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“Me? Yeah. I’m fine.”

“You look a million miles away.”

She tried to compose her face so he’d believe her. “Guess my mind was wandering.”

As they turned the corner she saw a posted ad on a bus stop.


Pride swelled in her chest. Clara and Warner sure had made a name for themselves. She was so proud of her. She wondered if she was in town and perhaps they could have lunch. When she got home she was going to call her. She really missed her.

But then, again, reality took hold.

Clara was Christian’s sister. She couldn’t just be the sister-in-law Victoria pretended, in her head, that she was. But she and Clara were close, why should that stop? After all, she was one of the women to buy her the dress for the wedding—which had turned Christian’s head.

“You know I was a little giddy when I got to meet Clara Wright,” Scott said pulling her out of her trance. “At the wedding.” He nodded toward the bus stop to acknowledge he’d seen the ad.

“Clara? Why?”

“I really enjoy their music and to think you knew her when.”

Victoria smiled. That’s right. She knew her when.

She thought about the night she met Clara—the night she met Christian. It was a benefit for his Aunt Simone’s charity. She’d been Christian’s blind date. Nothing in her life had been the same since that night.

“I heard they’re going to be opening for someone at Bridgestone. Think we can get tickets?”

That brought a wide grin to her lips. “I’ll tell you what. I’ll call Clara and ask.”

“Really? You don’t seem like the kind to use your friends.” He nudged her jokingly.

“She loves to be used like that. Besides, I miss her.”

“Just because you don’t date her brother doesn’t mean you can’t be friends.”

Victoria considered him. He was so perfect, why didn’t she feel the same way around him as she did around Christian?

“It wouldn’t bother you if I saw Clara?”

“No. You’re content in your life. Why would I worry about that?”

Because I’m a big fat liar, she thought as they turned the next corner and headed home.

Chapter Eleven

Office doors were supposed to offer privacy, but when you worked with your brother that wasn’t the case. Ed nearly flew through the door in one of his raw, angry moods. He walked right up to Christian’s desk and threw down a new razor and a pack of unopened blades.

“What the hell? You think you can barge in?”

Ed plopped himself down in a chair in front of his desk and kicked his feet up on Christian’s desk.

“You look like shit. You haven’t shaved in almost three weeks. You don’t look like you slept either.”

“And this bothers you?”

“Yes. You’re an embarrassment to the company.”

“And that’s what you’re worried about?”

Ed dropped his feet and leaned his arms on the desk. This was more brotherly, Christian thought.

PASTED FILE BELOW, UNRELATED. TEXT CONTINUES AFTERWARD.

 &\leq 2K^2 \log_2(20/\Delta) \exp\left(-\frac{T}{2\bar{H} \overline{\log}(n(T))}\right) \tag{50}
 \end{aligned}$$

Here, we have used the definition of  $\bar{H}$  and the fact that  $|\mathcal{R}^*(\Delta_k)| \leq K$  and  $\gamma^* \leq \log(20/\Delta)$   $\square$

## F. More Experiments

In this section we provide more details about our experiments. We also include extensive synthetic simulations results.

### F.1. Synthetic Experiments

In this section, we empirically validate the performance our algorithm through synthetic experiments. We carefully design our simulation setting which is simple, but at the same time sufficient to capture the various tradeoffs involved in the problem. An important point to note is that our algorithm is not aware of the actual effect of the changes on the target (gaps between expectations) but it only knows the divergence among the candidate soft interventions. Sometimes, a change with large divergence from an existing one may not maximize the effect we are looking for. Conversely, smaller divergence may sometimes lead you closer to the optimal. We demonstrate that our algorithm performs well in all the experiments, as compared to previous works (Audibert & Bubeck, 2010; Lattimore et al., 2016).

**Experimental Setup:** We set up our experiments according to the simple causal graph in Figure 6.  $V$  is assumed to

“No. I’m worried about you. I know this is all about Tori.”

He wanted to argue with him. He wanted to stand up and punch him in the jaw, but Ed was right.

Christian sunk into his chair. “I thought I had her back. I thought that night we spent together was going to mend everything and just like that,” he snapped his fingers, “I’d have her back.”

“So what didn’t work?”

“My big mouth. I guess when I asked her up to the room I specifically asked her for just one night.”

“And you left it at that?”

“No. I went to her house. I took flowers. Then she reminded me she was dating that guy and I reminded her she’d slept with me.”

“Real smooth.”

He stood up from behind his desk. “I know. Listen, I’m not good at this. And I drove by last weekend and his car was there, again. I’m done. What else can I do?”

Ed stood. “Shave.” He turned and walked to the door. “Clara will be up here in a few hours.”

Christian shrugged at him. “Why?”

“She’s meeting Victoria for lunch. She figures she’ll have plenty of things to say to you when she’s done.”

Ed walked out of the office and shut the door. Well, wasn’t that perfect? His sister could still be part of Tori’s life, but he couldn’t? That didn’t even seem fair.

He picked up the razor and looked at it. His brother-in-law Warner would know where they were going for lunch. Suddenly, he was getting hungry.

Lunchtime on Music Row was an eclectic mix of music professionals and tourists trying to catch a peek. It was a good thing Warner told Christian right where to go. Bella Napoli was a hidden gem, but a good one.

He’d heard his sister’s laughter before he even saw her. Her back was to him and her lunch date was obscured by the waiter.

Christian walked slowly toward them, not sure of what he wanted to say when he got to them.

The waiter moved just as he neared them, and it was the first time he’d looked at Victoria in almost three weeks.

Something was wrong and she looked sick.

A million things ran through his mind. She had a cold. The kids had been up all night. She was dying.

Her hair had lost that luster it always had whether styled or drawn up. There were dark circles around her eyes and he was sure she’d lost ten pounds in the past few weeks.

The moment she looked up at him he forced a cunning smile, one he used when playing ball and the fans beckoned him to be photographed with them. Her eyes grew wide and that forced his sister to turn.

“What are you doing here? Oh and good, you shaved.”

He kept his smile, but he didn’t like his sister’s reaction.

She stood and hugged him, rubbing his bare cheek. “A goatee? I like it. I really like it,” Clara said.

He shifted his glance back to Tori, who looked up at him and smiled. “Hello, Chris.”

“Hi.” He was suddenly at a loss for all the words he wanted to share with her.

Clara looked around. “Let’s get you a chair. We just ordered coffee and dessert.”

Good, they were almost done. “Oh, I don’t know. I was just walking by and…”

“You’re welcome to join us,” Tori said softly.

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